In recent years, growing concern in international relations to offer a more inclusive and active learning experience has led to the increased use of practical exercises, visual teaching materials like movies and fictional television, as well as social media and e-learning tools. Despite noteworthy achievements in bridging the everyday lives of international relations students, these teaching contributions have yet to explore its potential more comprehensively. Students who prefer to learn through practical exercises still struggle to access the more abstract and theoretical topics of international relations, and the role of emotions for active learning remains underdeveloped. To provide a more inclusive international relations teaching that considers the requirements of all types of learners, to encourage students to rethink what is taken for granted in the discipline by exploring their emotions, and to promote discussions about issues that otherwise might have remained silenced, this article suggests that the introduction of a dance workshop into international relations curricula is beneficial for the learning experience of students. Modern, egalitarian dances like contact improvisation can be used to teach world politics in a different way, as students not only learn about its topics, but also perform them.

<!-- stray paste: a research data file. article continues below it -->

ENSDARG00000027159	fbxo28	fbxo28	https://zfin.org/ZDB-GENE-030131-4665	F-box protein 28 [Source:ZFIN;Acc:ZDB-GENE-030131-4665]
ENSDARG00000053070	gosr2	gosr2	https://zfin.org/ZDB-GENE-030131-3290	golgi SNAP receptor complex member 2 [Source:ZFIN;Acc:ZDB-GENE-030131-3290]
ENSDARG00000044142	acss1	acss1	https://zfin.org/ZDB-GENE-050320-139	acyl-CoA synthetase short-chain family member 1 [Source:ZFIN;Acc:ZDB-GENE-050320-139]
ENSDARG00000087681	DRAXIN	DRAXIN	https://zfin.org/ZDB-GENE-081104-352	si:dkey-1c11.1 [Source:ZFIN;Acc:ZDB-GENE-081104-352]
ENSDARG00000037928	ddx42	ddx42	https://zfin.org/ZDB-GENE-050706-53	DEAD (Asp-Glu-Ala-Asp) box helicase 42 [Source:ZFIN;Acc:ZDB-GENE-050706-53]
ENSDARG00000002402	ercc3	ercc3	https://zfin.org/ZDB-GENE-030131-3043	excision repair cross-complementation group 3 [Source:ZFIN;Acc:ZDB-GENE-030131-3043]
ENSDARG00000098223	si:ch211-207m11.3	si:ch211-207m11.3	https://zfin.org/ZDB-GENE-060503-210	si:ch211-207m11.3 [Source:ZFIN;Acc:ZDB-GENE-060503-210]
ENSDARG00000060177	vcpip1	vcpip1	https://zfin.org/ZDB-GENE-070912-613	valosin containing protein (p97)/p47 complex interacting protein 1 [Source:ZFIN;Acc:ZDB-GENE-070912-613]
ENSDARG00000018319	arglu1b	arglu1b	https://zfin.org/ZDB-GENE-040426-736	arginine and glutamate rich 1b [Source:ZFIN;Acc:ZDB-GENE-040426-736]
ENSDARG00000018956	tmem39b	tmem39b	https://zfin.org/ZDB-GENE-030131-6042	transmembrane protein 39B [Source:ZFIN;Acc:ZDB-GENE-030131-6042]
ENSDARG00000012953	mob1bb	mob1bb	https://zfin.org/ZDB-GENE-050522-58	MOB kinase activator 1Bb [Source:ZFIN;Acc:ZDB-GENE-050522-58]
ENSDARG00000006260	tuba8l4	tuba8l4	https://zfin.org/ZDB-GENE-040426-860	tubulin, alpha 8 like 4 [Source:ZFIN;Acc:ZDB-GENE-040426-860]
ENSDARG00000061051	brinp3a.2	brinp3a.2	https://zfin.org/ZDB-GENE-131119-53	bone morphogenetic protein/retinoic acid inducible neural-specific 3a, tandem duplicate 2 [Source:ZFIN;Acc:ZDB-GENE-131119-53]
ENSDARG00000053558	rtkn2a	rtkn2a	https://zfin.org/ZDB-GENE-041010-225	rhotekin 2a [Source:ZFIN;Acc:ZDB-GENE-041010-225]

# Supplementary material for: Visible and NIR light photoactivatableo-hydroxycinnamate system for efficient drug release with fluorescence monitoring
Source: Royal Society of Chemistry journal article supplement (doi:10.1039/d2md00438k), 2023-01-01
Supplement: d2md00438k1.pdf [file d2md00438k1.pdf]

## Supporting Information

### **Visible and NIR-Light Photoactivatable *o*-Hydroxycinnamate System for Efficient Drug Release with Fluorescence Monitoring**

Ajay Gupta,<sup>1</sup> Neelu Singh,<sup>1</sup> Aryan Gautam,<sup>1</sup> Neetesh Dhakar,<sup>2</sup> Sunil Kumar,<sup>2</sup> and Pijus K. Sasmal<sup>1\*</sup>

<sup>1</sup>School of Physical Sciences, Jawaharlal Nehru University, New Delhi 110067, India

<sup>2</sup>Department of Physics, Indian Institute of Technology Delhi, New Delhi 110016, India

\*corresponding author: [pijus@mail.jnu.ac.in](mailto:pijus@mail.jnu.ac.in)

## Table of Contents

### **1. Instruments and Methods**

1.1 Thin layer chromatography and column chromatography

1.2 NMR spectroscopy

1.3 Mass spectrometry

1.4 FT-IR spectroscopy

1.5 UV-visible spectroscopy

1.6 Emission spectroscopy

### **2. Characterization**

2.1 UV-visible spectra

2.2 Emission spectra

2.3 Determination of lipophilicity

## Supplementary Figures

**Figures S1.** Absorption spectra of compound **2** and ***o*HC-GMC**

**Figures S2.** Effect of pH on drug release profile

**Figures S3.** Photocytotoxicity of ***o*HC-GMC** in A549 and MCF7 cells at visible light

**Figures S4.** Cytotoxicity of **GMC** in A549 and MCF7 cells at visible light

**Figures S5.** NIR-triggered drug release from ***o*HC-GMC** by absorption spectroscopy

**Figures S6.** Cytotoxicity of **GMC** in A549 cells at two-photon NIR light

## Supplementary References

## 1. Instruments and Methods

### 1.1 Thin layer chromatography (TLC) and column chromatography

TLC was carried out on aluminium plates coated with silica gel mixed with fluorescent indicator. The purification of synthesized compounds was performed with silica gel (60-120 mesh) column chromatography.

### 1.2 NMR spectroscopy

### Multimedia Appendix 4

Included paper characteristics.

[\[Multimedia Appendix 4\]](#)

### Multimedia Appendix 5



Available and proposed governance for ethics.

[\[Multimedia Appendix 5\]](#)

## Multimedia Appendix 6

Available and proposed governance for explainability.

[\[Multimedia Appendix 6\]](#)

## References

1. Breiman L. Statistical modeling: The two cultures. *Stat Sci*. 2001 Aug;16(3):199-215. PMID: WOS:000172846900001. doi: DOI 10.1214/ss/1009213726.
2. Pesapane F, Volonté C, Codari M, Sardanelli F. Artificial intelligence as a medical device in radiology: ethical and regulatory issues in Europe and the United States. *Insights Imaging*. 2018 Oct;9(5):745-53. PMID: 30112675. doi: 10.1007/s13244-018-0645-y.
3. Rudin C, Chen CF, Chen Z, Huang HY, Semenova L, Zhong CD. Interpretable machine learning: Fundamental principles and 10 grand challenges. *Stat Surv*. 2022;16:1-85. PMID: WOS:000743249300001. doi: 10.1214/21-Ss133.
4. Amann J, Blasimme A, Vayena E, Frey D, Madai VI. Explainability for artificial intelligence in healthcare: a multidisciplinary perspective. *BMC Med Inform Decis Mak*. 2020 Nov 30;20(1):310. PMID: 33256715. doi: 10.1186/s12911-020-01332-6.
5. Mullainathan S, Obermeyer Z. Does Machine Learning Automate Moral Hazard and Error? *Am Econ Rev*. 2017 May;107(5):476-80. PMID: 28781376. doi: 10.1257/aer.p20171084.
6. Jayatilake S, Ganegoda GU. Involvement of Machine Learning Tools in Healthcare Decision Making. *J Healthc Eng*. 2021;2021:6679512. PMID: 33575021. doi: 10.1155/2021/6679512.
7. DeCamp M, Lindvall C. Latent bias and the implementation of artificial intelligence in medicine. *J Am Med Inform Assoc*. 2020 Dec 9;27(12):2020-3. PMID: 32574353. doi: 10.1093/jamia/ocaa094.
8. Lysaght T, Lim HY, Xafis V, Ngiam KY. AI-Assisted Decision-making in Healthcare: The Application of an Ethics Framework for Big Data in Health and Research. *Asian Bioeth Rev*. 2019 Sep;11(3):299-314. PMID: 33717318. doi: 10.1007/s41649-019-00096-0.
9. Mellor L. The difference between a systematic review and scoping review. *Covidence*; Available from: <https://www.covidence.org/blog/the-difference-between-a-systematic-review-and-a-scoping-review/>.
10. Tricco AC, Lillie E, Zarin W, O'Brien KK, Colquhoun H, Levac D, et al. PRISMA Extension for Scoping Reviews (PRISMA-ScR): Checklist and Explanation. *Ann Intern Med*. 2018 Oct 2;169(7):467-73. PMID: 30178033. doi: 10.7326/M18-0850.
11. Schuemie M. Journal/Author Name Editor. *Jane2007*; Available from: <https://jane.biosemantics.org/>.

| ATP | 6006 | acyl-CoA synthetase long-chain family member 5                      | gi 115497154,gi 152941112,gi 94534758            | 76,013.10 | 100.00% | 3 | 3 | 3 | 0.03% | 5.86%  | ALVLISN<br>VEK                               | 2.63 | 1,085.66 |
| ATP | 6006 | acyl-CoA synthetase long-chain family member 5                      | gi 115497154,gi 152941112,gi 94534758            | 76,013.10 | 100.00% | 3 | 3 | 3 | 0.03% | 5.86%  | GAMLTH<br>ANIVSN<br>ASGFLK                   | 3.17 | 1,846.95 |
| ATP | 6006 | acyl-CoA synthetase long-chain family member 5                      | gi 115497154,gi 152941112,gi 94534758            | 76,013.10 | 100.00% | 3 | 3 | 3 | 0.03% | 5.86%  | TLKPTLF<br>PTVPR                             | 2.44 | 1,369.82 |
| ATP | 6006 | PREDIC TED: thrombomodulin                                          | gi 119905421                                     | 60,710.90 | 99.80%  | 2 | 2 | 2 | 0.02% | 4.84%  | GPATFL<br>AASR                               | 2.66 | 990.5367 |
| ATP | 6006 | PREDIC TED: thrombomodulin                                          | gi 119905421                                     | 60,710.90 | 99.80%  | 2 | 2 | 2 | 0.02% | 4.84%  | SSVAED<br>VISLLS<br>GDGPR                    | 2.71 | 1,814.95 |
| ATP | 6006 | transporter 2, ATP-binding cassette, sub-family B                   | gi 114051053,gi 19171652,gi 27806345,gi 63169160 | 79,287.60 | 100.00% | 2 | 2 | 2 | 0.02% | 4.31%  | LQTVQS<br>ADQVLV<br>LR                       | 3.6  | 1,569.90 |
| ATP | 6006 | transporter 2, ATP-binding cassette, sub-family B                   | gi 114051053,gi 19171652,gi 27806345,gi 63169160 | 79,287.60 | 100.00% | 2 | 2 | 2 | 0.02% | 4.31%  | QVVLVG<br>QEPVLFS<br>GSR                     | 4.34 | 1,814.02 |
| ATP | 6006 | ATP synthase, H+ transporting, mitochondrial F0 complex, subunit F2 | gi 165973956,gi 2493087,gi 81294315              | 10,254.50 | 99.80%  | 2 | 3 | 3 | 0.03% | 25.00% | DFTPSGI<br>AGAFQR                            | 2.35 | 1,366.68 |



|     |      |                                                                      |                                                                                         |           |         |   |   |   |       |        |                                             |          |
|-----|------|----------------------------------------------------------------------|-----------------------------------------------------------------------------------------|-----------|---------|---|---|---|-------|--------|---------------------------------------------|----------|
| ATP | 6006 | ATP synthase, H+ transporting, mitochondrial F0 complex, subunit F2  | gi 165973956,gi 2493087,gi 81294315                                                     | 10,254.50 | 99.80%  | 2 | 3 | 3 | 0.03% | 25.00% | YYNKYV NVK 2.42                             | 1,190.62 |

|Number of pages||16|
|Journal||International Studies Perspectives|
|Early online date||20 Mar 2017|
|Publication status||Published - 1 Feb 2018|
Bibliographical notePublisher Statement: This is a pre-copyedited, author-produced version of an article accepted for publication in International Studies Perspectives following peer review. The version of record Roesch, F 2017, 'The Power of Dance: Teaching International Relations Through Contact Improvisation' International Studies Perspectives, pp. (in press). DOI: 10.1093/isp/ekx002 is available online at: https://academic.oup.com/isp/article-abstract/doi/10.1093/isp/ekx002/3076108/The-Power-of-Dance-Teaching-International?redirectedFrom=fulltext DOI: 10.1093/isp/ekx002
- active learning
- kinesthetic learning
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- School of Humanities - Associate Head of School - Global Engagement
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